Also because of this, log footage is pretty bland and unattractive when you first import it. Colors – especially skin tones – are muted and grey. Because you are going to be grading log footage pretty aggressively, you want to be using footage that can stand up to a lot of manipulation. Footage captured at a high bitrate will do better, as will higher quality codecs, such as Apple ProRes and raw formats. Older cameras, such as our AF100 and GH3 models, capture footage with more compressed codecs and lower bitrates, so using a flat profile won’t work as well. The BlackMagic Pocket Cinema Camera and Sony FS5, on the other hand, have flat profiles built in and produce high quality (and larger) video files that can withstand aggressive grading.
Applying A LUT
In Premiere, you can apply a LUT using the same Lumetri Color interface that we’ve been exploring over the last few weeks. At the very top of the panel, in the Basic Correction section, you’ll find the Input LUT dropdown menu. Premiere has a handful of LUTs built-in; these correspond to the formats of various cameras. The options are fairly limited, though.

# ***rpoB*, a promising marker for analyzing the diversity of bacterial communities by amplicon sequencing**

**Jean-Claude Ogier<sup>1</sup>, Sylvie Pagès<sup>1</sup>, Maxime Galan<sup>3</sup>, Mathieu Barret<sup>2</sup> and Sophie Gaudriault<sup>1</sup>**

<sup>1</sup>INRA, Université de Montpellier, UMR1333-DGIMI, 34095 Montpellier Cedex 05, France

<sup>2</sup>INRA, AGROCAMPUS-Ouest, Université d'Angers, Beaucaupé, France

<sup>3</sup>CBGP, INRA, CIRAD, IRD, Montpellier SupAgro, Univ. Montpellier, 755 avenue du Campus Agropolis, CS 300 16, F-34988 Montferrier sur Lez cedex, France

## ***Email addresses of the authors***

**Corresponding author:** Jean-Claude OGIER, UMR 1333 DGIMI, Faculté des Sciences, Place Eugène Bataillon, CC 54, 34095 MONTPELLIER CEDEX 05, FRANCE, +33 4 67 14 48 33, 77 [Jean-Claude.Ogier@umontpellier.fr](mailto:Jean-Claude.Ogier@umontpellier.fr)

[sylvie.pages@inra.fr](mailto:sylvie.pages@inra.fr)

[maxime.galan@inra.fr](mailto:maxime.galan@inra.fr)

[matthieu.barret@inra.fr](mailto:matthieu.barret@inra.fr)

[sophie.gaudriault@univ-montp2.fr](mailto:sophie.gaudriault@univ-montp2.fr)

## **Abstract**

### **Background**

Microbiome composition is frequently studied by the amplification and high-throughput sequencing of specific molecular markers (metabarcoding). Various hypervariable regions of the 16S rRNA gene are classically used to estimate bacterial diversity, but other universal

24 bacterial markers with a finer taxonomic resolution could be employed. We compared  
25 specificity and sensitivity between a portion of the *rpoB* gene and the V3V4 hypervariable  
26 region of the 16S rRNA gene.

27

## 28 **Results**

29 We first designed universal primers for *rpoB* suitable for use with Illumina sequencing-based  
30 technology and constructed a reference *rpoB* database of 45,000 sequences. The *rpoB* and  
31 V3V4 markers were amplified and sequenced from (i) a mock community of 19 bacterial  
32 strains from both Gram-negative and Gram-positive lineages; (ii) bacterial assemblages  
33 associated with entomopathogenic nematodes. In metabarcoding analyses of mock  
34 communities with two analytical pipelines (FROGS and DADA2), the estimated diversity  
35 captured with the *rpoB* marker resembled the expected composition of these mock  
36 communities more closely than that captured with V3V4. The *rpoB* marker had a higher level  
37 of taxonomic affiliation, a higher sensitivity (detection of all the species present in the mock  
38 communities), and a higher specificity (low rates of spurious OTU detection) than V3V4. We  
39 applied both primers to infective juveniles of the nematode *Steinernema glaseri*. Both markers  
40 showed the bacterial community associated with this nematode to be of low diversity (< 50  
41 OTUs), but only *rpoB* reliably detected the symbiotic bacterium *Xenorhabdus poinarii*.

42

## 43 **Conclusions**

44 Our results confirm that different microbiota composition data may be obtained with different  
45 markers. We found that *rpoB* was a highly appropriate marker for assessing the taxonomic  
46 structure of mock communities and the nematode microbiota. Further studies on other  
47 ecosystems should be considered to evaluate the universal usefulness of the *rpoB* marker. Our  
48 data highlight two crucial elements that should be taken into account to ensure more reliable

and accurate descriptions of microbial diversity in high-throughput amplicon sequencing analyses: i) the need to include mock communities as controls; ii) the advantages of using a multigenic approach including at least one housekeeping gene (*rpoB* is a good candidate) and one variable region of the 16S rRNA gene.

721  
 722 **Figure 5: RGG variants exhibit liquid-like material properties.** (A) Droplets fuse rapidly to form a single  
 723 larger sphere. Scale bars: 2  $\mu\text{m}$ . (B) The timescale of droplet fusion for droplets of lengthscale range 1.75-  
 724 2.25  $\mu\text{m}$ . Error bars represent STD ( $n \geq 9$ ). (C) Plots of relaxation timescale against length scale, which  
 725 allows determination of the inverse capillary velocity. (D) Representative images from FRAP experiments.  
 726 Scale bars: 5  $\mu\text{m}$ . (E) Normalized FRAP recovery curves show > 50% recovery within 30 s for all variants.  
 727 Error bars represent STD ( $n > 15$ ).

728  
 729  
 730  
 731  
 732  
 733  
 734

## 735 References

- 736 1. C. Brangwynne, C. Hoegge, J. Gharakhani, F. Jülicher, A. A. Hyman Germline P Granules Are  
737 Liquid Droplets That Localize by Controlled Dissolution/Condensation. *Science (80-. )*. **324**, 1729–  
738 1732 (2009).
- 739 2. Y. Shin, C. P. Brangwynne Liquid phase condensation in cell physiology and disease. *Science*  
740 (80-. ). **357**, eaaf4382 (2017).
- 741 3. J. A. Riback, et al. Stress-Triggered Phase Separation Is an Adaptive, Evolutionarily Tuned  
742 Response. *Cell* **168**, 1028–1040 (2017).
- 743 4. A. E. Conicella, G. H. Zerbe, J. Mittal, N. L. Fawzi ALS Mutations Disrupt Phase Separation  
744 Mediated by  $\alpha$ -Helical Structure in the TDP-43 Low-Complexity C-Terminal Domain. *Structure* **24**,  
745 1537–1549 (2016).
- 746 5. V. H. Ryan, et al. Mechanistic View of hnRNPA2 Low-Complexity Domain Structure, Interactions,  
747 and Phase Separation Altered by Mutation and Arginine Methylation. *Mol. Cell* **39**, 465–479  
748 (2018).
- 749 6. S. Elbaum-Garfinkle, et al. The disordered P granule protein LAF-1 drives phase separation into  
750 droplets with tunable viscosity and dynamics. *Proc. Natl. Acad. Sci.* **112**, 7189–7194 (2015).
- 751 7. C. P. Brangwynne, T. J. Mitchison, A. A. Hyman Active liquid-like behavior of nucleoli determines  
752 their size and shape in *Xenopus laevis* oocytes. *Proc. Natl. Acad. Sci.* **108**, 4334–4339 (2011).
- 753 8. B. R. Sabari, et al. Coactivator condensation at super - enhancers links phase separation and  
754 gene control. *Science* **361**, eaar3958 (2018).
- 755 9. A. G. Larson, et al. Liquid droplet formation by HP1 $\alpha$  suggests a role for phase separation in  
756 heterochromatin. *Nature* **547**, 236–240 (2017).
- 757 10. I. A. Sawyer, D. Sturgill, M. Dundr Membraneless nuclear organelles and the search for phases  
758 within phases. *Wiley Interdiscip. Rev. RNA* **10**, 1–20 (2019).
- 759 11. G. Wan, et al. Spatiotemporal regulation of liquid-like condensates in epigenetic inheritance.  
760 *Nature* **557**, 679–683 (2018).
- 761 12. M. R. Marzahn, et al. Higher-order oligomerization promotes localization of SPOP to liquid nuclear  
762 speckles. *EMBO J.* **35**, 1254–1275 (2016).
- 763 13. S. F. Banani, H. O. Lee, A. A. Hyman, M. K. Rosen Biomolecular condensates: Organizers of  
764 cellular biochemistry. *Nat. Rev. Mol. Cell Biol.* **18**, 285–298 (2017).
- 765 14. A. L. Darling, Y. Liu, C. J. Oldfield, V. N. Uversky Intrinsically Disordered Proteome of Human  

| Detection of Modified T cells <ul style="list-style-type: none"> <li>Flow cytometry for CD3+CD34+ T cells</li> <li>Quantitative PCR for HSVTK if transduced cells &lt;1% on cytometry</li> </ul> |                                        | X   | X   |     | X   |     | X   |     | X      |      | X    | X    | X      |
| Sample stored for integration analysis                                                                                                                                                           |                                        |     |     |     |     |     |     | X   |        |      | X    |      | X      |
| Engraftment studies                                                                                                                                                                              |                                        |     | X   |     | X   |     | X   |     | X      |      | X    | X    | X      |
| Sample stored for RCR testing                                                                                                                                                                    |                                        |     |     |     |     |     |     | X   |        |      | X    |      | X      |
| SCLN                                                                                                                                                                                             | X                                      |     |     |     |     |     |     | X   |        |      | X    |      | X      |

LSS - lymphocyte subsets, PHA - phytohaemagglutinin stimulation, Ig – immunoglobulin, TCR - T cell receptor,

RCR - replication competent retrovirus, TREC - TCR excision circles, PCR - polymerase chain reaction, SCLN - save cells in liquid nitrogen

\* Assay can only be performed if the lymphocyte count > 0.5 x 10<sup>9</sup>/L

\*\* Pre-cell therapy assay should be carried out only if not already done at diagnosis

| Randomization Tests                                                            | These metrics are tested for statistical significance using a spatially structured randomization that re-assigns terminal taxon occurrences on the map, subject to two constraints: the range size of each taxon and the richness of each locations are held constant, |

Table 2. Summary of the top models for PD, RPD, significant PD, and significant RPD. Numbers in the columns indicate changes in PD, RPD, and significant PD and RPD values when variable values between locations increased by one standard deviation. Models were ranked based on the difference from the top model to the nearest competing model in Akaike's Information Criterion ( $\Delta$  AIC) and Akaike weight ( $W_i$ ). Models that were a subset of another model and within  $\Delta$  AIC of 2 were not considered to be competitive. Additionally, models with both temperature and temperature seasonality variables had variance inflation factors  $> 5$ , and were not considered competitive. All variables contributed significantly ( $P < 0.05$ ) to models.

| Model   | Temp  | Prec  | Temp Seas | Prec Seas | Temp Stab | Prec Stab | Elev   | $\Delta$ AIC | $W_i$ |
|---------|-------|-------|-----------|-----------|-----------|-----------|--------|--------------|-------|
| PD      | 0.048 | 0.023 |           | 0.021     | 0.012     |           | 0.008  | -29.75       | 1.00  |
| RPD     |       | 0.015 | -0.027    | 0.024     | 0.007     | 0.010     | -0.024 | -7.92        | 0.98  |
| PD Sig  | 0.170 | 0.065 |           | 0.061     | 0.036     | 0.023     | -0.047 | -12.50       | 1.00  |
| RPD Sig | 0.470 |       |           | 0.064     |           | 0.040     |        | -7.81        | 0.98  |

Fortunately, LUTs are pretty easy to find. If you do a quick internet search, you’ll find a ton of free options, as well as LUT packs for sale. Here’s a list of just a few places to download free LUTs, including great stylistic packs from RocketStock and SmallHD.
To apply a LUT to your footage, highlight it in the timeline and select Browse… from the Input LUT dropdown menu in the Lumetri Color panel. Select the appropriate file and your footage should immediately transform. Unfortunately, it’s impossible to tell what the effect of the LUT will be until you apply it, although sometimes reference images are provided by the developer.